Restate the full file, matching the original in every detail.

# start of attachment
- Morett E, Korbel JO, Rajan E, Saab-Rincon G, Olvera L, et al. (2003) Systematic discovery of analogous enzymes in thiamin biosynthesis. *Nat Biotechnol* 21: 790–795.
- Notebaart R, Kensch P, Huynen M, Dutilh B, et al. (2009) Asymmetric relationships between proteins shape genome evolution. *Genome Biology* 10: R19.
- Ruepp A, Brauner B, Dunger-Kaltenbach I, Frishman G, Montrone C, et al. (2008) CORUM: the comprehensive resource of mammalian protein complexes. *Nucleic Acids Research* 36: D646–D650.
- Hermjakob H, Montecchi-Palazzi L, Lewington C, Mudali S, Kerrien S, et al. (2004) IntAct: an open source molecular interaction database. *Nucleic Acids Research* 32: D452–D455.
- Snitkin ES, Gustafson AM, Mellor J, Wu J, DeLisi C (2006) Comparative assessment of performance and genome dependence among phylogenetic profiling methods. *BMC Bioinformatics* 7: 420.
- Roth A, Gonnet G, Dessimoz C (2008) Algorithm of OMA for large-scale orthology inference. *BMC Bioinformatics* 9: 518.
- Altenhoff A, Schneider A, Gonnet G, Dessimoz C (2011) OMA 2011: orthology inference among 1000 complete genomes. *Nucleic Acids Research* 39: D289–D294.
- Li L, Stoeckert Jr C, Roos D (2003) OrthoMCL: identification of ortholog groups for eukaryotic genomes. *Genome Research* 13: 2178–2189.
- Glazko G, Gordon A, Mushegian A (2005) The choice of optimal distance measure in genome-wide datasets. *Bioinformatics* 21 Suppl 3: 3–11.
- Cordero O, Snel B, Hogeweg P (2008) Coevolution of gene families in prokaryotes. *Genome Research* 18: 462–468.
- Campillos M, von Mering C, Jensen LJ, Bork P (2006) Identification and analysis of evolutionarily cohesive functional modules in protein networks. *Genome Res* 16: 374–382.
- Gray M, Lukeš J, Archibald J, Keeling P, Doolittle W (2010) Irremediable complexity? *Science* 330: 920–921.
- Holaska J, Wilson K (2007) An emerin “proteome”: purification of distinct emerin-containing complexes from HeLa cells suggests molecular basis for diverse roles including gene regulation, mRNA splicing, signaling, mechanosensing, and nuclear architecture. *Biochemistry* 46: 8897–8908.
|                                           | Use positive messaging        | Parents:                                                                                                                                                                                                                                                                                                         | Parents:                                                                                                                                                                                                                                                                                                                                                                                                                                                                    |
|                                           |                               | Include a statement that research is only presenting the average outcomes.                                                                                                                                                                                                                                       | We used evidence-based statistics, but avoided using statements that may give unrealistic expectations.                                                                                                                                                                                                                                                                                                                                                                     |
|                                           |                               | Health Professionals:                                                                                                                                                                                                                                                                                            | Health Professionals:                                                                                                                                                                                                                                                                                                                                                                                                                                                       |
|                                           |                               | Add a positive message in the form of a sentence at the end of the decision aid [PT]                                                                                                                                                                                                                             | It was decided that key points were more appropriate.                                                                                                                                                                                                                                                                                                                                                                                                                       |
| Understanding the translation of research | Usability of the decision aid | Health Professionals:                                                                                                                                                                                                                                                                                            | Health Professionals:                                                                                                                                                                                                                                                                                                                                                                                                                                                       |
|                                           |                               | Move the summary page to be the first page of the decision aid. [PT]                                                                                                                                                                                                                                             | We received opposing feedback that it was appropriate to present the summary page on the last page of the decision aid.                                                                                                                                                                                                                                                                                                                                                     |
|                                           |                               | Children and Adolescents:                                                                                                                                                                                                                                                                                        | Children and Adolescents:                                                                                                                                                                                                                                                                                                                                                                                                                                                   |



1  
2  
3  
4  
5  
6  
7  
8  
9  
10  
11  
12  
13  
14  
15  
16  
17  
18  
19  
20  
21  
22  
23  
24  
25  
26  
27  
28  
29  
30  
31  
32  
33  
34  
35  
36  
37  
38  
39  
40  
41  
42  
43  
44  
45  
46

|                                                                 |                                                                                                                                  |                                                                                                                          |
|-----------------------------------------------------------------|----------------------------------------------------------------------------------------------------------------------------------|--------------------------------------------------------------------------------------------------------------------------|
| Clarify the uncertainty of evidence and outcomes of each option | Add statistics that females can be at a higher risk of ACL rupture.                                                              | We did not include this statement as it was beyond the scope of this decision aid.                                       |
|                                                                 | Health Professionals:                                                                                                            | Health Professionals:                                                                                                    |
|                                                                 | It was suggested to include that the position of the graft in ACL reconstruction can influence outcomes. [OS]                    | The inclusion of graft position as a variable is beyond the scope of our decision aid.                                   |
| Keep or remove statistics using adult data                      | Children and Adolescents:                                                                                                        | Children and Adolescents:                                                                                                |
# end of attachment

- Morett E, Korbel JO, Rajan E, Saab-Rincon G, Olvera L, et al. (2003) Systematic discovery of analogous enzymes in thiamin biosynthesis. *Nat Biotechnol* 21: 790–795.
- Notebaart R, Kensch P, Huynen M, Dutilh B, et al. (2009) Asymmetric relationships between proteins shape genome evolution. *Genome Biology* 10: R19.
- Ruepp A, Brauner B, Dunger-Kaltenbach I, Frishman G, Montrone C, et al. (2008) CORUM: the comprehensive resource of mammalian protein complexes. *Nucleic Acids Research* 36: D646–D650.
- Hermjakob H, Montecchi-Palazzi L, Lewington C, Mudali S, Kerrien S, et al. (2004) IntAct: an open source molecular interaction database. *Nucleic Acids Research* 32: D452–D455.
- Snitkin ES, Gustafson AM, Mellor J, Wu J, DeLisi C (2006) Comparative assessment of performance and genome dependence among phylogenetic profiling methods. *BMC Bioinformatics* 7: 420.
- Roth A, Gonnet G, Dessimoz C (2008) Algorithm of OMA for large-scale orthology inference. *BMC Bioinformatics* 9: 518.
- Altenhoff A, Schneider A, Gonnet G, Dessimoz C (2011) OMA 2011: orthology inference among 1000 complete genomes. *Nucleic Acids Research* 39: D289–D294.
- Li L, Stoeckert Jr C, Roos D (2003) OrthoMCL: identification of ortholog groups for eukaryotic genomes. *Genome Research* 13: 2178–2189.
- Glazko G, Gordon A, Mushegian A (2005) The choice of optimal distance measure in genome-wide datasets. *Bioinformatics* 21 Suppl 3: 3–11.
- Cordero O, Snel B, Hogeweg P (2008) Coevolution of gene families in prokaryotes. *Genome Research* 18: 462–468.
- Campillos M, von Mering C, Jensen LJ, Bork P (2006) Identification and analysis of evolutionarily cohesive functional modules in protein networks. *Genome Res* 16: 374–382.
- Gray M, Lukeš J, Archibald J, Keeling P, Doolittle W (2010) Irremediable complexity? *Science* 330: 920–921.
- Holaska J, Wilson K (2007) An emerin “proteome”: purification of distinct emerin-containing complexes from HeLa cells suggests molecular basis for diverse roles including gene regulation, mRNA splicing, signaling, mechanosensing, and nuclear architecture. *Biochemistry* 46: 8897–8908.
|                                           | Use positive messaging        | Parents:                                                                                                                                                                                                                                                                                                         | Parents:                                                                                                                                                                                                                                                                                                                                                                                                                                                                    |
|                                           |                               | Include a statement that research is only presenting the average outcomes.                                                                                                                                                                                                                                       | We used evidence-based statistics, but avoided using statements that may give unrealistic expectations.                                                                                                                                                                                                                                                                                                                                                                     |
|                                           |                               | Health Professionals:                                                                                                                                                                                                                                                                                            | Health Professionals:                                                                                                                                                                                                                                                                                                                                                                                                                                                       |
|                                           |                               | Add a positive message in the form of a sentence at the end of the decision aid [PT]                                                                                                                                                                                                                             | It was decided that key points were more appropriate.                                                                                                                                                                                                                                                                                                                                                                                                                       |
| Understanding the translation of research | Usability of the decision aid | Health Professionals:                                                                                                                                                                                                                                                                                            | Health Professionals:                                                                                                                                                                                                                                                                                                                                                                                                                                                       |
|                                           |                               | Move the summary page to be the first page of the decision aid. [PT]                                                                                                                                                                                                                                             | We received opposing feedback that it was appropriate to present the summary page on the last page of the decision aid.                                                                                                                                                                                                                                                                                                                                                     |
|                                           |                               | Children and Adolescents:                                                                                                                                                                                                                                                                                        | Children and Adolescents:                                                                                                                                                                                                                                                                                                                                                                                                                                                   |



1  
2  
3  
4  
5  
6  
7  
8  
9  
10  
11  
12  
13  
14  
15  
16  
17  
18  
19  
20  
21  
22  
23  
24  
25  
26  
27  
28  
29  
30  
31  
32  
33  
34  
35  
36  
37  
38  
39  
40  
41  
42  
43  
44  
45  
46

|                                                                 |                                                                                                                                  |                                                                                                                          |
|-----------------------------------------------------------------|----------------------------------------------------------------------------------------------------------------------------------|--------------------------------------------------------------------------------------------------------------------------|
| Clarify the uncertainty of evidence and outcomes of each option | Add statistics that females can be at a higher risk of ACL rupture.                                                              | We did not include this statement as it was beyond the scope of this decision aid.                                       |
|                                                                 | Health Professionals:                                                                                                            | Health Professionals:                                                                                                    |
|                                                                 | It was suggested to include that the position of the graft in ACL reconstruction can influence outcomes. [OS]                    | The inclusion of graft position as a variable is beyond the scope of our decision aid.                                   |
| Keep or remove statistics using adult data                      | Children and Adolescents:                                                                                                        | Children and Adolescents:                                                                                                |